Green Mining: Sustainable Ecocide

How destroying the land became "green"

Elisabeth Robson

Old-growth sagebrush in Thacker Pass by Elisabeth Robson

Turn off the highway in Northern Nevada at the place called Peehee Mu’huh, marked on modern maps as Thacker Pass, and take a walk through the waist-high sagebrush. You might come upon a small, hidden creek where spring snails and trout make their home.

Smell the sweet perfume of the sage as silvery green leaves brush against your thighs. Spend a night under the stars while coyotes and owls serenade the Milky Way. Just before dawn you might hear the booming of the sage-grouse on their mating grounds as they compete for sagehens’ attentions.

You could have experienced all of this before June 2023. Now, you can experience it only in your imagination.

Everything changed after Vancouver-based Lithium Americas Corporation and its subsidiary Lithium Nevada Corporation launched the Thacker Pass Lithium Mine Project.

The mine project, which was approved in 2021, will completely destroy Thacker Pass. The first phases are already obliterating about 6,000 acres of land, with a massive open pit, several waste and tailings piles, refineries, a processing plant, and other infrastructure.

Future expansion plans could triple the mine size to over 17,000 acres, encompassing most of the valley. One hundred or more diesel trucks per day will bring materials and supplies to the mine, including molten sulfur from oil refineries. This sulfur will be refined into sulfuric acid and used to leach lithium from the clay dug from the mine pit.

There will be no respite from industrial noise, industrial destruction, and industrial pollution. The sage grouse, who need large areas of absolute quiet to mate and raise their families, will flee, along with many other birds and animals. The delicate soil crusts will be destroyed, along with the sagebrush and wildflowers and grasses and all who depend on these plants for life. 1.85 billion gallons of water will be pulled from the ground every year to supply the mine in this arid land.

What use is sage grouse habitat elsewhere to the sage grouse who call Thacker Pass home?

Lithium Nevada has the audacity to call this mine “green.” How? The lithium they extract from the clay beneath the soil will be used to build electric car batteries.

There are several ways mining companies claim their projects are “green”: they use methods that save energy and/or water in mining processes; they provide materials for “clean tech” (electronic vehicles, batteries, solar, wind technologies, etc.); they use improved work and organizational practices; there0 are plans to “remediate” the land after mine closure; and companies purchase “offsets” for some impacts caused by the mine, such as habitat loss.

Lithium Nevada checks several of these boxes: recycling water for use in the sulfuric acid refineries, supplying lithium for EV and grid storage batteries, ensuring a “social license to operate” by bribing the local community with promises of jobs and a new community centre, setting aside funds to “guarantee revitalization of the site” after the mine closes, and purchasing sage-grouse habitat offsets to protect sage-grouse habitat elsewhere.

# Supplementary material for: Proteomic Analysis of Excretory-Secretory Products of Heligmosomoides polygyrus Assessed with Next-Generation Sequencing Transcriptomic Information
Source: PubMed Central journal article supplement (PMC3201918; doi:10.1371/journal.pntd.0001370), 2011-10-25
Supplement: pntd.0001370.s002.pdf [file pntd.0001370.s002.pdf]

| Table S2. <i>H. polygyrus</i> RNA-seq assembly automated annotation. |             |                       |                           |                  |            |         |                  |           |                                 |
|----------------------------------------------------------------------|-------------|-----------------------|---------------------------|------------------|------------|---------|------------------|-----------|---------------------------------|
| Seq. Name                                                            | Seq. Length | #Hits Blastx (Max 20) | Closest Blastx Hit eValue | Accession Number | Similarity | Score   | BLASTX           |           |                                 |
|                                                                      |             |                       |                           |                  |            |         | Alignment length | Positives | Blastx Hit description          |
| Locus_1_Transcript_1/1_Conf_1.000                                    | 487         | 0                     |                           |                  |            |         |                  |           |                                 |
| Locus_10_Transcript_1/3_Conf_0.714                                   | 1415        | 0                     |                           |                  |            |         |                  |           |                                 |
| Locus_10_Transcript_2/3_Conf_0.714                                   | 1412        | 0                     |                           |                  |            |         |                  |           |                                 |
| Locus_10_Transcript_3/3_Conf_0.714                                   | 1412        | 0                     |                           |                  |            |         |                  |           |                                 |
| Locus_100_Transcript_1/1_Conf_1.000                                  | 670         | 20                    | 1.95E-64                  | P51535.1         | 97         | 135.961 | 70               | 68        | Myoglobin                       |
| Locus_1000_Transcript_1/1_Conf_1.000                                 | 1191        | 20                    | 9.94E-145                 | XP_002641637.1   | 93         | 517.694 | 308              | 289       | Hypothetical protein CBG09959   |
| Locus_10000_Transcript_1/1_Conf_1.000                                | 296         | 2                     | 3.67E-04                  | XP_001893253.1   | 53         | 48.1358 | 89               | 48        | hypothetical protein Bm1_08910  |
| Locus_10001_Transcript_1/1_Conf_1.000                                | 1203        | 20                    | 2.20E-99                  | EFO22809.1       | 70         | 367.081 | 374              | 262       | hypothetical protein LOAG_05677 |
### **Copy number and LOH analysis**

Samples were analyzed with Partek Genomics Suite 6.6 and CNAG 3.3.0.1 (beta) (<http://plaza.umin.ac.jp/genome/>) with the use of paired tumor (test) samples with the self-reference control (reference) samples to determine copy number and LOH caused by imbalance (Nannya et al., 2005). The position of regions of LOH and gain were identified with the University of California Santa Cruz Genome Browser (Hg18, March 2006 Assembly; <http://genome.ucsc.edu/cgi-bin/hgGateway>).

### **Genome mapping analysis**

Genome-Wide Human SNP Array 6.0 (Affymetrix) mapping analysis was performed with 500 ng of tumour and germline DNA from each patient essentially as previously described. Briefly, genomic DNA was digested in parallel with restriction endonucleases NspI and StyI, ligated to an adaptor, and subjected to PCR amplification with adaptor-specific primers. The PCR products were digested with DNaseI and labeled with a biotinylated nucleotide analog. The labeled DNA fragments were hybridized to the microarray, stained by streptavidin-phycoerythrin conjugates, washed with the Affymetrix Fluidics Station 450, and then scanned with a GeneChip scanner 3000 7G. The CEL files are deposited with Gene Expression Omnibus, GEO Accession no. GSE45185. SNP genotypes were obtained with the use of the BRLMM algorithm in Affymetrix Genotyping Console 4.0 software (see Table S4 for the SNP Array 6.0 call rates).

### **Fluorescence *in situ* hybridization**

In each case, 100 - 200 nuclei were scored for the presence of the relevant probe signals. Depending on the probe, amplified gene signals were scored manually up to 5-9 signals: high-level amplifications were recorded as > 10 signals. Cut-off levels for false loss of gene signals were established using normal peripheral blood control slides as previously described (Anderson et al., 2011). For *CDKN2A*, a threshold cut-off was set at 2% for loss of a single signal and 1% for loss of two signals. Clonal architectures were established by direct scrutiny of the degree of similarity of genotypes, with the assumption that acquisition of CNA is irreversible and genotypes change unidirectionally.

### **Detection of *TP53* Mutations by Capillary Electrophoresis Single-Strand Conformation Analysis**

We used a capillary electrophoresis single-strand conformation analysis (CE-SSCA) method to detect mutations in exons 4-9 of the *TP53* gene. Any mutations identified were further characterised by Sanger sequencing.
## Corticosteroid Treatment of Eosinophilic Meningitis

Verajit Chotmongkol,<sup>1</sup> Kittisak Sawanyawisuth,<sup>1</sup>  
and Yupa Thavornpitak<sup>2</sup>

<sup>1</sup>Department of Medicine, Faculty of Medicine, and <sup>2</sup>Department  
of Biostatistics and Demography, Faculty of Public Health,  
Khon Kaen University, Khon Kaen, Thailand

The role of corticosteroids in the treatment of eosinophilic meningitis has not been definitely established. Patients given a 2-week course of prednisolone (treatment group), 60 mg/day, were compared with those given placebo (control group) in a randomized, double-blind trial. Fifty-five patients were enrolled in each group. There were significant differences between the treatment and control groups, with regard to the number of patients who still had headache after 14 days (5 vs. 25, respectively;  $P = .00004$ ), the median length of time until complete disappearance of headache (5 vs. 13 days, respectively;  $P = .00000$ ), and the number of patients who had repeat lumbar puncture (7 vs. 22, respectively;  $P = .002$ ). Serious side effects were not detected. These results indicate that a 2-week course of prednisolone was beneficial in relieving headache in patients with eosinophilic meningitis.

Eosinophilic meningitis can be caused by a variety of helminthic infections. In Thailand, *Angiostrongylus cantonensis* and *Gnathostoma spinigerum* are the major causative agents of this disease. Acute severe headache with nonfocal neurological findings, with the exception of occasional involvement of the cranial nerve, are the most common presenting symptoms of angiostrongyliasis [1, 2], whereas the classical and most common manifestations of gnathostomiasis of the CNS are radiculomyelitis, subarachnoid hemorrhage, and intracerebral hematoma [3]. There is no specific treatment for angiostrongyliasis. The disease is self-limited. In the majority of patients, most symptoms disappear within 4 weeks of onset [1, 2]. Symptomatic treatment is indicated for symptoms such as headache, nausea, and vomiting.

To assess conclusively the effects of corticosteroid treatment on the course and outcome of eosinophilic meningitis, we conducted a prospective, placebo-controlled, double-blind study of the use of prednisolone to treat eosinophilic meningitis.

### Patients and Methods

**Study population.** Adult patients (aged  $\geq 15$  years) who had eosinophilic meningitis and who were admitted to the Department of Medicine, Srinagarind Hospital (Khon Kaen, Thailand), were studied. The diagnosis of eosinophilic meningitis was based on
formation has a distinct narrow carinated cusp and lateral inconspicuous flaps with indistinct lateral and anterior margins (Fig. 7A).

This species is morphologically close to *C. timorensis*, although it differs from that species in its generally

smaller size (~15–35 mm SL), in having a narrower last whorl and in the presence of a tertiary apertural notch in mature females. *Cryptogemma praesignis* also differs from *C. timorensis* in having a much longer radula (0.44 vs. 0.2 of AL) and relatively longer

However, none of these checkboxes mean much once the land has been destroyed and the ground has been sucked dry of water. What use is a job if you can’t find water to drink or safely breathe the air where you live? What use is a community centre once the mine closes, the jobs go away, and the land has been polluted so ranching and farming are no longer viable alternatives for employment?

What use is “revitalizing” Thacker Pass when all the plants and animals are dead and gone? What use is sage grouse habitat elsewhere to the sage grouse who call Thacker Pass home?

Materials-intensive energy system

As the cries of “climate emergency!” grow ever more strident and political elites grow ever more desperate to keep this ecocidal way of life going – that is, business as usual – more people are realizing that replacing a fossil fuel-intensive energy system with a materials-intensive energy system will require a lot of “critical minerals,” as we now must call them.

Our modern lives have always depended on materials, and getting those materials has always required mining and extraction. What’s new is the energy piece: not only do we need materials to build our houses, cars, appliances, factories and machines, now we need materials to build the machines to generate the energy we use to extract the materials, refine the materials, manufacture more machines and other things out of those materials, and ship them all around the world. “Machines making machines making machines,” as John Weber described manufacturing solar panels.

Researcher Simon Michaux recently calculated that to make one generation of machines that can generate enough electricity to replace fossil fuels will require more of certain materials than we know to exist on Earth. As just one example, global reserves of lithium (2022) are 22,000,000 tons. Producing one generation of technology units to phase out fossil fuels will require 944,150,293 tons of lithium. That’s 43 times the amount of lithium in known reserves. And that’s just for the first generation of machines.


Elisabeth Robson is an organizer with Protect Thacker Pass. A longer version of this article originally appeared on

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